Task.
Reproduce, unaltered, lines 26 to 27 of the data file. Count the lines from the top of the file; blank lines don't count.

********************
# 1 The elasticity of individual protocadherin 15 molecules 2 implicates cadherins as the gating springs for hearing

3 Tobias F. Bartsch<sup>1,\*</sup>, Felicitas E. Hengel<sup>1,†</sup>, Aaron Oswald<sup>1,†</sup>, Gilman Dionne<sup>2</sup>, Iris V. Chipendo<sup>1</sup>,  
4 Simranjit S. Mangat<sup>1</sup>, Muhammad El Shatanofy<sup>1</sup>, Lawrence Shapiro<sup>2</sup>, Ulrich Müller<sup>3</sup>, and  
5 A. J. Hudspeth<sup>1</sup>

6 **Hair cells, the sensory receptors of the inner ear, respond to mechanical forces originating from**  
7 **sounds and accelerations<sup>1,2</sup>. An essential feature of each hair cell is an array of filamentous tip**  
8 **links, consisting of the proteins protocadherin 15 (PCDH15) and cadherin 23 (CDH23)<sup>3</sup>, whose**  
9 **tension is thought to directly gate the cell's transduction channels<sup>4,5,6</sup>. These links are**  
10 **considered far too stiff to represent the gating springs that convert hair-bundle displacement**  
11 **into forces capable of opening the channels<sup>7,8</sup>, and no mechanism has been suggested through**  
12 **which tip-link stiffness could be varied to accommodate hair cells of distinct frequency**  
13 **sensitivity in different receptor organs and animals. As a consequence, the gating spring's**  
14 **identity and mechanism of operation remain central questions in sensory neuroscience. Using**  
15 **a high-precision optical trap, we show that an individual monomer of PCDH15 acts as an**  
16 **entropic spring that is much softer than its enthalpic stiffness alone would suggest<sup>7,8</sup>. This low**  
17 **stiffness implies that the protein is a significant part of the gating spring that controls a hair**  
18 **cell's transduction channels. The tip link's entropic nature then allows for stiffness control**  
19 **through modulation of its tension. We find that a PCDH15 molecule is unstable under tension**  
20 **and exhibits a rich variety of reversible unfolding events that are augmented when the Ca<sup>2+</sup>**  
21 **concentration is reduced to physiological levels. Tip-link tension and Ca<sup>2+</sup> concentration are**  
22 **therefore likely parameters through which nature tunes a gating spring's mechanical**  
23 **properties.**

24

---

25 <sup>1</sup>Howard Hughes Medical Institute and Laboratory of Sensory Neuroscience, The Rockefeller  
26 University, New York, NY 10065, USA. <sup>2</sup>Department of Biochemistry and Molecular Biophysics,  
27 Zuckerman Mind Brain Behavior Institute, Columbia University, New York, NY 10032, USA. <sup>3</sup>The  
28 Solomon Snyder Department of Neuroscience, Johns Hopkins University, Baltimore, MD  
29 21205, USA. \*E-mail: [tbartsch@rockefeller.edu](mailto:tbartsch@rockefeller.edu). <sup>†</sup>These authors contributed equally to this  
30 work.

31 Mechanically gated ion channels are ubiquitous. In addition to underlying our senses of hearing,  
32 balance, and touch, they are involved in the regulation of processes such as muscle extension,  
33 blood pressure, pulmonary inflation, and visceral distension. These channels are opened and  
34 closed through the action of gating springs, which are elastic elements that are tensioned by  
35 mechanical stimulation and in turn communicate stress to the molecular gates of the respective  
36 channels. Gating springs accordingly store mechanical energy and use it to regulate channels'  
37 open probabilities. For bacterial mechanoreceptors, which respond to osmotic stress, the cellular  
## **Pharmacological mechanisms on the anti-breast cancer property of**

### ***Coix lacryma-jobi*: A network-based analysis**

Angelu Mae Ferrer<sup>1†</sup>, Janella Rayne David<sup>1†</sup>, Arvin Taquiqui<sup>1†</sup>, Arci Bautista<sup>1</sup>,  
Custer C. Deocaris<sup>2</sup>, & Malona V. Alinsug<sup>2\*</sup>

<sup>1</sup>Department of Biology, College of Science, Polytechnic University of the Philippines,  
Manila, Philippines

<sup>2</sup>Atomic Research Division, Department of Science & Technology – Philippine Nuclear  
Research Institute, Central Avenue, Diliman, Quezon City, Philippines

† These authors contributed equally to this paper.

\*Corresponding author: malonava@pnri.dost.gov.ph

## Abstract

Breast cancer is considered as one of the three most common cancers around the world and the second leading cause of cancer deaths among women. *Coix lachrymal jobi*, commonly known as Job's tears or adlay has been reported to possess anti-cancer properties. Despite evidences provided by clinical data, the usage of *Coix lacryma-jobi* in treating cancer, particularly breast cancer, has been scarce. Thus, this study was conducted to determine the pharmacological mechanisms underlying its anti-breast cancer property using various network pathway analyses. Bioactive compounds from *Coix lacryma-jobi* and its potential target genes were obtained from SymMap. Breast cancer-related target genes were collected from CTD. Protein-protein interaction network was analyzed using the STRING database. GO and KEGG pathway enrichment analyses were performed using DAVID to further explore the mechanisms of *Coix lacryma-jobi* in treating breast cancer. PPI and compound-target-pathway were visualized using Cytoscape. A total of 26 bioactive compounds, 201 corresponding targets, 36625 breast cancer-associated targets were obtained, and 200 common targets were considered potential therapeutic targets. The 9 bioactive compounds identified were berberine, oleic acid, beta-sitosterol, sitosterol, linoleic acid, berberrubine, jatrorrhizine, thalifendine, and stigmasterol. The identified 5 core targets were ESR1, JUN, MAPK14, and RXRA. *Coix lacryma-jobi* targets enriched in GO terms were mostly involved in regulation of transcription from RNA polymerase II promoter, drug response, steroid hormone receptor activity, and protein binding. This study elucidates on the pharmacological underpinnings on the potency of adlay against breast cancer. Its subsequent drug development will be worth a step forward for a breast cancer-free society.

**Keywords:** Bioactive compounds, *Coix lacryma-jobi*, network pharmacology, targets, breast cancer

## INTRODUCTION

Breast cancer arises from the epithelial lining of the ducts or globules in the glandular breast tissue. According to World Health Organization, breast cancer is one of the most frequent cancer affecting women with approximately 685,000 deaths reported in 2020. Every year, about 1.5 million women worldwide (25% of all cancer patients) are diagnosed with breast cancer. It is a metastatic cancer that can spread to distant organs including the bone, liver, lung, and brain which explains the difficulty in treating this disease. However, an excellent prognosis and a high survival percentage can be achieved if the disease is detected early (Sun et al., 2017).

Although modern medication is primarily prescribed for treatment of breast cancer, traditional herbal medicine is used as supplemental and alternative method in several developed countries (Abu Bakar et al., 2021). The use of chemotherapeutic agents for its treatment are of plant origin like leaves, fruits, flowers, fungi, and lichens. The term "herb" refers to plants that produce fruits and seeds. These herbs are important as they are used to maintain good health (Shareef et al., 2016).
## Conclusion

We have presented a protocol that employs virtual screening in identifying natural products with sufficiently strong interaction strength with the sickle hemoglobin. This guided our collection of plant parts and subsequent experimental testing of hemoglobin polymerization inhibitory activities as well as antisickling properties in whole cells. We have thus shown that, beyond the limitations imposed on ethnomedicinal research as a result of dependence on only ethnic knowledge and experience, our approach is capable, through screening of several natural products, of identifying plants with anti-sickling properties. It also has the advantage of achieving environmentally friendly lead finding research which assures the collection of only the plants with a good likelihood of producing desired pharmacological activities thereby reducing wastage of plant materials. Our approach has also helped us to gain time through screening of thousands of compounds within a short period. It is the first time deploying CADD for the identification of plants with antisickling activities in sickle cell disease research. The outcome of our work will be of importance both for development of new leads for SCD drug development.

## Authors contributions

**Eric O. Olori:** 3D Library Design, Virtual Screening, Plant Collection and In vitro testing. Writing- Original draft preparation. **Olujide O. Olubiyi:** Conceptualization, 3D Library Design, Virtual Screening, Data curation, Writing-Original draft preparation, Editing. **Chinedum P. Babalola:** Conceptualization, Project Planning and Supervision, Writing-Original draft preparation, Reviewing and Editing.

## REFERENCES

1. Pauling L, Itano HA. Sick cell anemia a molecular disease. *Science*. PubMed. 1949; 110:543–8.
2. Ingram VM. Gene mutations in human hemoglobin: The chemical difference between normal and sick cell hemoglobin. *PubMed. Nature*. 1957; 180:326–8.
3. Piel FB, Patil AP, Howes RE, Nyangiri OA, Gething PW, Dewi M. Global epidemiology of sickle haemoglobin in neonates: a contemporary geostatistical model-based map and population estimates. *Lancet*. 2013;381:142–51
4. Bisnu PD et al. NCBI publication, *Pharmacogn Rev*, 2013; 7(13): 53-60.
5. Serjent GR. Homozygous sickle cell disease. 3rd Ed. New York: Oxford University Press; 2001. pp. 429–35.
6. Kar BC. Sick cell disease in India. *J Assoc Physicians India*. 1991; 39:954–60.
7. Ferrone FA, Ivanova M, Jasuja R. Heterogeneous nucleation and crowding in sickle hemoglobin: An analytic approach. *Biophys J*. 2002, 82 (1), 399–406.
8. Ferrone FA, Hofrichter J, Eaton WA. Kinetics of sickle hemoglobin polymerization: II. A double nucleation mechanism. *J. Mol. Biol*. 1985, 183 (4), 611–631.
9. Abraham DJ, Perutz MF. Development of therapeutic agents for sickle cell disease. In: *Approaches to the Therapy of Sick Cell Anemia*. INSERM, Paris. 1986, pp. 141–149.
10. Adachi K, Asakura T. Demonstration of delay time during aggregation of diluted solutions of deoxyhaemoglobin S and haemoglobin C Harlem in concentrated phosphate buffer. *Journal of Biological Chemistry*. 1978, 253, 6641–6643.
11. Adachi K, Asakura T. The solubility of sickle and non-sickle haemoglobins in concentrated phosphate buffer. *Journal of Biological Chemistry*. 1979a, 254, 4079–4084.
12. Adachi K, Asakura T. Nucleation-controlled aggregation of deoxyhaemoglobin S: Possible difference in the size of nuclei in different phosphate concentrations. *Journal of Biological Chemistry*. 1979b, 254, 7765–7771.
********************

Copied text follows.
26 University, New York, NY 10065, USA. <sup>2</sup>Department of Biochemistry and Molecular Biophysics,  
27 Zuckerman Mind Brain Behavior Institute, Columbia University, New York, NY 10032, USA. <sup>3</sup>The  